The Week, July 2014
In the year 1990, I was very fortunate to have had the honour of performing in Iraq for the music lovers of Baghdad. I was very blessed that I could offer my respect at the Shrine of Hazrat Ali, also known as Masjid Ali or the Mosque of 'Alī, located in Najaf, Iraq. Each year millions of pilgrims visit the Shrine and pay their tribute. I met numerous artists and musicians who were well known in the circle including Munir Bashir, often called the King of Oud (an instrument commonly used in Arabic, Greek, Turkish and Persian countries). The Arab world refers to specific melodic modes as maqam. Like Indian Classical Music, based on rules, they improvise too. And like Ragas, they have various maqams, each with its own mood and entity. There are between fifty and seventy maqams, many of which have sub-styles. My association with oud continued in the years to come as I made an album called Ancient Sounds in the year 2009 with Rahim Alhaj who is now based in the US. The album went on to get a Grammy Nomination in 2010 in the Best Traditional World Music Recording category. Rahim was forced to leave Iraq due to his activism for peace in the nineties and began his life in Jordan and Syria, finally moving to the US. It really saddens me to see the sad plight of Iraq yet again. I pray for eternal peace and harmony for the region and in fact for the world!

Seeing all the temples, mosque, and churches all over the world, I am amazed to see how they are considered vastly different -- and become a source of conflict and strife -- when the sacred truth is that all the religious buildings are made out of same sentiment of love and oneness of the individual soul (atmaa) with the universal soul (Parmatmaa). We all come to this world in the exact same way and also go away in the same way. Who created this huge void between humanity through highlighting the differences between shrines, nations, communities and religion? Why should we accept it and not challenge it with an alternative notion of oneness versus divisiveness? I hope that through music, being the food for the soul, we can make a salutation to unity through forging greater peace, goodwill and understanding, so that the vast divide and chasm that has taken place between the West and the East today, and between the Islamic and non-Islamic world, due to ignorance, deliberate or otherwise, can be reduced if not eliminated.

I find that our mind is like any living organism. It must be nurtured, and needs the right stimulation to develop and grow into a sensitive mind that is tolerant of the beautiful and abundant diversity surrounding us. We need ways to feel “oneness” whether through music, poetry, dance or any other medium that touches not just the intellect but also the soul. As we use flowers -- for welcoming, for worshiping and honoring our Gods, and in celebration and sorrow -- no matter what our race, origin, religion or language, we similarly arrange musical notes into 'bouquets' or compositions which display all our human feelings and emotions. Musical vibrations of “Sarod” can convey beautiful moods and emotions and have the ability to mold and shape our consciousness. I wish to have my music shape the consciousness in a way that contributes to oneness. I would like to continue to deepen this experience and make more and more people aware, around the globe, of the long lasting impact and benefits of Indian classical music versus the mainstream Bollywood music that provides fleeting and momentary relief.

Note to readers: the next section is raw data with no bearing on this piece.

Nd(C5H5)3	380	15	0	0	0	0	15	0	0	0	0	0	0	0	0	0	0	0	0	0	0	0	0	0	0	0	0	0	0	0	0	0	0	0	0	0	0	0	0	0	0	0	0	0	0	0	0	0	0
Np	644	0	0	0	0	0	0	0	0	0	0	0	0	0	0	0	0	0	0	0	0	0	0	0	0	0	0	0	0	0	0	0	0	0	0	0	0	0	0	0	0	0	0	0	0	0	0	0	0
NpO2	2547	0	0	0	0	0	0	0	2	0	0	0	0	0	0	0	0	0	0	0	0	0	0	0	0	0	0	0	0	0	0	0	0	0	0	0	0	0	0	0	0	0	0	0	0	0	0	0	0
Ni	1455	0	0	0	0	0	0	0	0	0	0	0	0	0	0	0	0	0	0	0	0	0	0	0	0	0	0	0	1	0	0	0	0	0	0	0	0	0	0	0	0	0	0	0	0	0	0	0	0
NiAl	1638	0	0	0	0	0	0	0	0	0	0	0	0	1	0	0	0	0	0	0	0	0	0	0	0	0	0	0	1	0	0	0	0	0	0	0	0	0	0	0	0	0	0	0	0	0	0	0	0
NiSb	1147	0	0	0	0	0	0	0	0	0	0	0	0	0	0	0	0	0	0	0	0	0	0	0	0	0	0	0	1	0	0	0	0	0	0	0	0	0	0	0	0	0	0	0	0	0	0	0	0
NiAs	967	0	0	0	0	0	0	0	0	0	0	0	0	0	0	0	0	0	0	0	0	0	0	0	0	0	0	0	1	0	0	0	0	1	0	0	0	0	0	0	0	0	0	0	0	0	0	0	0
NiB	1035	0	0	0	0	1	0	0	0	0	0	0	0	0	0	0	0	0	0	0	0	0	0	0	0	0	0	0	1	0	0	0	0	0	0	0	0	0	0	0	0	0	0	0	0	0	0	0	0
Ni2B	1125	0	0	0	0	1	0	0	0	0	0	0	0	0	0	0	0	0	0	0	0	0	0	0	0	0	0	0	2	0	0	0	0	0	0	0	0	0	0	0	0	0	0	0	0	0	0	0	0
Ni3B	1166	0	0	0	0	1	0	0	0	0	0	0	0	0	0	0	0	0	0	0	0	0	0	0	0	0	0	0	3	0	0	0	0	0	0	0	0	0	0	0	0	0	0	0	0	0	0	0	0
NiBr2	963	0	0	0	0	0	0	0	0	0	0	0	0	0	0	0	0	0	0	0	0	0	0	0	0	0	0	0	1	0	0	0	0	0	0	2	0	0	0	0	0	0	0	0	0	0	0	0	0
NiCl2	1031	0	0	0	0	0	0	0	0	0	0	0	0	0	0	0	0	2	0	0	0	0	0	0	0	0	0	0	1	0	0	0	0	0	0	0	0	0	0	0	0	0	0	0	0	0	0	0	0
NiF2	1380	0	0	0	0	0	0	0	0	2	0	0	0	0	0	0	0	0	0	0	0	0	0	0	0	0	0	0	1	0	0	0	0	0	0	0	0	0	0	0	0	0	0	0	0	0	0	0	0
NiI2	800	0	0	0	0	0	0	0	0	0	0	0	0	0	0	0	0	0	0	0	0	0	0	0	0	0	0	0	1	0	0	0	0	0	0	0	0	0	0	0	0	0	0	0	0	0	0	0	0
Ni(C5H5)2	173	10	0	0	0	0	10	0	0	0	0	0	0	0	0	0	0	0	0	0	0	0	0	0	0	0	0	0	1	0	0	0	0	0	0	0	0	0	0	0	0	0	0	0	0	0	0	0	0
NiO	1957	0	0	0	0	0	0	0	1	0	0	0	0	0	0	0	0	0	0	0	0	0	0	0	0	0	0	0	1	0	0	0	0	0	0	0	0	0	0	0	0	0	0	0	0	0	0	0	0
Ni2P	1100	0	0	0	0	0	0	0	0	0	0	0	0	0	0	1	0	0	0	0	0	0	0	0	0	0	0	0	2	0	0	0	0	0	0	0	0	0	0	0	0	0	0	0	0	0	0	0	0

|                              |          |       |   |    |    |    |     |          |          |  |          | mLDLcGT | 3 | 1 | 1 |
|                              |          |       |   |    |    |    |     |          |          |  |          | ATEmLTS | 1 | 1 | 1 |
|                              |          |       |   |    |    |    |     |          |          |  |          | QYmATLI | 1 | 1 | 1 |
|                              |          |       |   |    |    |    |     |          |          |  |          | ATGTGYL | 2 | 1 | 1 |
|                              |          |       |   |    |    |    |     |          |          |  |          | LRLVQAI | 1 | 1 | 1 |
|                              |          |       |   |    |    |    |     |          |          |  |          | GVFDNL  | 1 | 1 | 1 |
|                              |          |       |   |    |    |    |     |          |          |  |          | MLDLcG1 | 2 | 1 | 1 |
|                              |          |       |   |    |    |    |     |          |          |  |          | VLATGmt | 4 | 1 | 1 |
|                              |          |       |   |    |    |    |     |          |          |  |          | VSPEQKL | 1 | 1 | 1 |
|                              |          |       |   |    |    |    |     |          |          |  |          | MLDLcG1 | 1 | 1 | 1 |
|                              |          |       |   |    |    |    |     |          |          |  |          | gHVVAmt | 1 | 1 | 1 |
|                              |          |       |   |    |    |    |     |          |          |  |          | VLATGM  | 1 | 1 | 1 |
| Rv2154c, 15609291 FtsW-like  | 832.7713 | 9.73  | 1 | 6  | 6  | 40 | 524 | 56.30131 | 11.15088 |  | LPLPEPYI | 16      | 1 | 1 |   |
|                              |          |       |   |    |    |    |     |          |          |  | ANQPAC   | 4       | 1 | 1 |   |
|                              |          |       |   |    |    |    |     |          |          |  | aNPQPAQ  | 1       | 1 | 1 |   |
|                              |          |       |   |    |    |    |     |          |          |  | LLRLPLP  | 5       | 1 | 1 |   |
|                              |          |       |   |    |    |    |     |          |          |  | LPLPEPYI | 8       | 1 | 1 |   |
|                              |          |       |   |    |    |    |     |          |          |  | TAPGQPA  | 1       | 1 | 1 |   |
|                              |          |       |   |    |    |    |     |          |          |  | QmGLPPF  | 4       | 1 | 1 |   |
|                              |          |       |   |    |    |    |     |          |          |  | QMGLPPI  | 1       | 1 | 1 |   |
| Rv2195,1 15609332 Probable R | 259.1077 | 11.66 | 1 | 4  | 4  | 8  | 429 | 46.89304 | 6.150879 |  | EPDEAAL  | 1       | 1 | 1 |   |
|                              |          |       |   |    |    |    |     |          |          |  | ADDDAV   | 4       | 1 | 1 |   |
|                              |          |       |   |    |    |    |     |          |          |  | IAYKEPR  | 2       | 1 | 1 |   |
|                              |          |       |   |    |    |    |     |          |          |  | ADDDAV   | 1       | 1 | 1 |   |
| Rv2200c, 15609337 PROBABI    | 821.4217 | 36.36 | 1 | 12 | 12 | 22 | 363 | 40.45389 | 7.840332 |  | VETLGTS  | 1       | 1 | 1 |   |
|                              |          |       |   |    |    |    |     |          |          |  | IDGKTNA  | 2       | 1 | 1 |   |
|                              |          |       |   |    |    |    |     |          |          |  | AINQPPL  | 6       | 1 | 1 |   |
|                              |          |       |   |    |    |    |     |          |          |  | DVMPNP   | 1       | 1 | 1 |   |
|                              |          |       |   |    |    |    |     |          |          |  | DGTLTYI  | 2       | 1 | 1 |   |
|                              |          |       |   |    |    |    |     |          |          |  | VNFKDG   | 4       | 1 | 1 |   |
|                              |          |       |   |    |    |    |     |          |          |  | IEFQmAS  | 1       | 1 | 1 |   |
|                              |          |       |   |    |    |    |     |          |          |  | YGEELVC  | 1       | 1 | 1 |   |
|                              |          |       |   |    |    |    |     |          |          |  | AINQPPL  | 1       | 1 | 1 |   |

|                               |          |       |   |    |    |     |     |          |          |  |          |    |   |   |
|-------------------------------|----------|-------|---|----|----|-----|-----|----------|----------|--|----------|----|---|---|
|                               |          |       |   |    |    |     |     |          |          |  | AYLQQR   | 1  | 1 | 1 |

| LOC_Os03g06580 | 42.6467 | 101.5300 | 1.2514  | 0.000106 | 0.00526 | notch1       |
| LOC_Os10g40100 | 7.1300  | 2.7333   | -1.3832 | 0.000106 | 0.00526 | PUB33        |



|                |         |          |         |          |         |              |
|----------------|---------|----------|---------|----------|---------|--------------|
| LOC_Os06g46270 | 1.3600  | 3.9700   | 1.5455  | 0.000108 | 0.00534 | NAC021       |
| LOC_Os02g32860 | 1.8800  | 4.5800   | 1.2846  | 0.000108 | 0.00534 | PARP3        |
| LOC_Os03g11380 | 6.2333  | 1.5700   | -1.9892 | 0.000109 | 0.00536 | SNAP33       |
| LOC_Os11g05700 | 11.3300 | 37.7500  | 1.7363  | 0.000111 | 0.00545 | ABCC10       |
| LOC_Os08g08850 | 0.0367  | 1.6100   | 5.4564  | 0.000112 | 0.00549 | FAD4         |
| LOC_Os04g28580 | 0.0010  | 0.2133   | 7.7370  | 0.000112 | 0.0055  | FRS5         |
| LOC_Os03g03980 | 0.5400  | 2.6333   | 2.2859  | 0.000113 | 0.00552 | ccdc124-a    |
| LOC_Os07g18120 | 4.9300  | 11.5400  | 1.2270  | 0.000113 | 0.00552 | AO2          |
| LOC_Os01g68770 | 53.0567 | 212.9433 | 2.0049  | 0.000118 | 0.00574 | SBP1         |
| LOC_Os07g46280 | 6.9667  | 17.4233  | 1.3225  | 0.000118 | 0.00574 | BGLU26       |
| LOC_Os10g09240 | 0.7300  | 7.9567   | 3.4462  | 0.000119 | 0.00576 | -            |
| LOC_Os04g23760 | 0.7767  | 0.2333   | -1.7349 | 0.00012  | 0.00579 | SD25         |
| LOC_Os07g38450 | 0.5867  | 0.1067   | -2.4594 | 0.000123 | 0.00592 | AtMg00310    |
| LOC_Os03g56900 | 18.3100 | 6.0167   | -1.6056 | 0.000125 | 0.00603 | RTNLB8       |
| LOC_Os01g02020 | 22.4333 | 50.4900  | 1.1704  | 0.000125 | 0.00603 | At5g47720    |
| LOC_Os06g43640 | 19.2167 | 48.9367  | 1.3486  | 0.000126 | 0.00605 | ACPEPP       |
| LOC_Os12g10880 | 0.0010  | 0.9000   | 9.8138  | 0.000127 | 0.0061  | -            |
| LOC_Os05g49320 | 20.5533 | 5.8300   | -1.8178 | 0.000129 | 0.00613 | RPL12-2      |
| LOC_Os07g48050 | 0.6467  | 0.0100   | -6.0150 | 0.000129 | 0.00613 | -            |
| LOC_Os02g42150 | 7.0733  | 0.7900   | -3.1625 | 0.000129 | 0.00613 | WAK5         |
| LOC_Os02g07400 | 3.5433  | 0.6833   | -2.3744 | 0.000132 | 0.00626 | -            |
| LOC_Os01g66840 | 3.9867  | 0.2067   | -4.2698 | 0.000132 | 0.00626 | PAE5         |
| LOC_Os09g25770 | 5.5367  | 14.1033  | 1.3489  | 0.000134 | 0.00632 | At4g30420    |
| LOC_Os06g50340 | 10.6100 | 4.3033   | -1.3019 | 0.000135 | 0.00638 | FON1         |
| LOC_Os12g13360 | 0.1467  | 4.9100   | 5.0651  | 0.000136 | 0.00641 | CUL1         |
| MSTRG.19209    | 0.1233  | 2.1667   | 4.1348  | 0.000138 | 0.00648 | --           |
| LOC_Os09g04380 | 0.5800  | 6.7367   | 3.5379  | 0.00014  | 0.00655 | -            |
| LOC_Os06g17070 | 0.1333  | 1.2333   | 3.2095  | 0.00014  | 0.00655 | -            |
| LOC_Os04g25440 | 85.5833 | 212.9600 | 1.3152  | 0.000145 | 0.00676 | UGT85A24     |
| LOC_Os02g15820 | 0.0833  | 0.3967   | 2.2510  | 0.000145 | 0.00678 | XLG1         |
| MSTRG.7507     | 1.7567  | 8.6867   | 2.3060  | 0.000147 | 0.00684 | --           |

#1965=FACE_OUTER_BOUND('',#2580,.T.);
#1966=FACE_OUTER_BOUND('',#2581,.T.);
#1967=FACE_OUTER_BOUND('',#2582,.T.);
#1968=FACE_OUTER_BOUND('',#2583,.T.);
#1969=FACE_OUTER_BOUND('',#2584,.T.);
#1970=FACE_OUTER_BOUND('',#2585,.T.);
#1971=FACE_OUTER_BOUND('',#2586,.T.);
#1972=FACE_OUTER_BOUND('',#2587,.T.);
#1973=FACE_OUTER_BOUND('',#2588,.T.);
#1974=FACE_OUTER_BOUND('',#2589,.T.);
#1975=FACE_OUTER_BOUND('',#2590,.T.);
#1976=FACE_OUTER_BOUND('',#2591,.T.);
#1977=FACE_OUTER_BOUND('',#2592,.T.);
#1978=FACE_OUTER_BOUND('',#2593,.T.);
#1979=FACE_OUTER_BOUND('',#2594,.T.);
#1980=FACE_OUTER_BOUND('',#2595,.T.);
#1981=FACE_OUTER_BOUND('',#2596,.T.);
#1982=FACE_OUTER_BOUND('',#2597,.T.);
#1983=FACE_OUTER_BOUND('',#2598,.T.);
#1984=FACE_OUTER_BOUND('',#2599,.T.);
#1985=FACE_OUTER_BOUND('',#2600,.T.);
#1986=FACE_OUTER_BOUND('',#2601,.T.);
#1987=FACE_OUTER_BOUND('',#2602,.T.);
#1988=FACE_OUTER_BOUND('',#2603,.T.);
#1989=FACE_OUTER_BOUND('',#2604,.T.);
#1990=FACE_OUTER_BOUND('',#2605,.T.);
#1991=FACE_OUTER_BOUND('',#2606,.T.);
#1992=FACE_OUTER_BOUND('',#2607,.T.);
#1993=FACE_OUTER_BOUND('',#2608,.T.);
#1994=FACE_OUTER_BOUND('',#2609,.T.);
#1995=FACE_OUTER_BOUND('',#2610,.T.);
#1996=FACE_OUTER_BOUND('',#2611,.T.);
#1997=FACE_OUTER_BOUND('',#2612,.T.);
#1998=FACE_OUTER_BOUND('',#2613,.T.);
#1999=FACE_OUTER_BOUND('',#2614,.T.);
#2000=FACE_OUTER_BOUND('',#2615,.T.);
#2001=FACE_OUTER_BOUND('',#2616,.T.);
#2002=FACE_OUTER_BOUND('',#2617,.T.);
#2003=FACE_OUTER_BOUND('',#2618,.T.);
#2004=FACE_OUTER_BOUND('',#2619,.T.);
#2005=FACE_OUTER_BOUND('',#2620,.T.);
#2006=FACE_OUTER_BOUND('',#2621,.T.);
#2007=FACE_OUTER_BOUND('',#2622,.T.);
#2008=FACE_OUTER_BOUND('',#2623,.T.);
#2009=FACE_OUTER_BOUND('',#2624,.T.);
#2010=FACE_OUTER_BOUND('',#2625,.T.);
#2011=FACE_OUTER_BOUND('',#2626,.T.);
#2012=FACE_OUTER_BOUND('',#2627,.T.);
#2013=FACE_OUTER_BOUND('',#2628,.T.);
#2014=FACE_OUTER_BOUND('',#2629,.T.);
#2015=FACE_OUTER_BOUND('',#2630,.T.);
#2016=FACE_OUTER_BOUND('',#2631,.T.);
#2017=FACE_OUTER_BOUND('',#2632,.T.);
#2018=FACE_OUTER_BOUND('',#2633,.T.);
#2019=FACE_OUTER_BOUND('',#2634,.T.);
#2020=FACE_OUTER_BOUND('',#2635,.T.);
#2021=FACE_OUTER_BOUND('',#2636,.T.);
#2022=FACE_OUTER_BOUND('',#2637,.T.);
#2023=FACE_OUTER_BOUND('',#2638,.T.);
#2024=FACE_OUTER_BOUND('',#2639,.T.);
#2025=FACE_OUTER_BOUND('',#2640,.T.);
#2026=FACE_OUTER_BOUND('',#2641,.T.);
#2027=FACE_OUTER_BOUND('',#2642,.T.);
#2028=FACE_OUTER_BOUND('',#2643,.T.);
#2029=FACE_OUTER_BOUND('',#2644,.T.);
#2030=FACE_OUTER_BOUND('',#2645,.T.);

Unfortunately today, most people, rich or poor, have lost patience with classical music in their search for a “quick fix” for entertainment. However, I find that those who persevere, find lasting peace and fulfillment. I often speak about this vocally in my concerts and encourage the poor to pursue this wonderful art form that has been practiced in India for centuries to find themselves and their inner voice. Classical Indian instrumental music, such as what I play on the Sarod, is pure sound. It needs to be experienced and felt. Since there are no lyrics, there is no language barrier between the performer and the listener, and that is why I feel my music transcends all barriers and classes.

-Amjad Ali Khan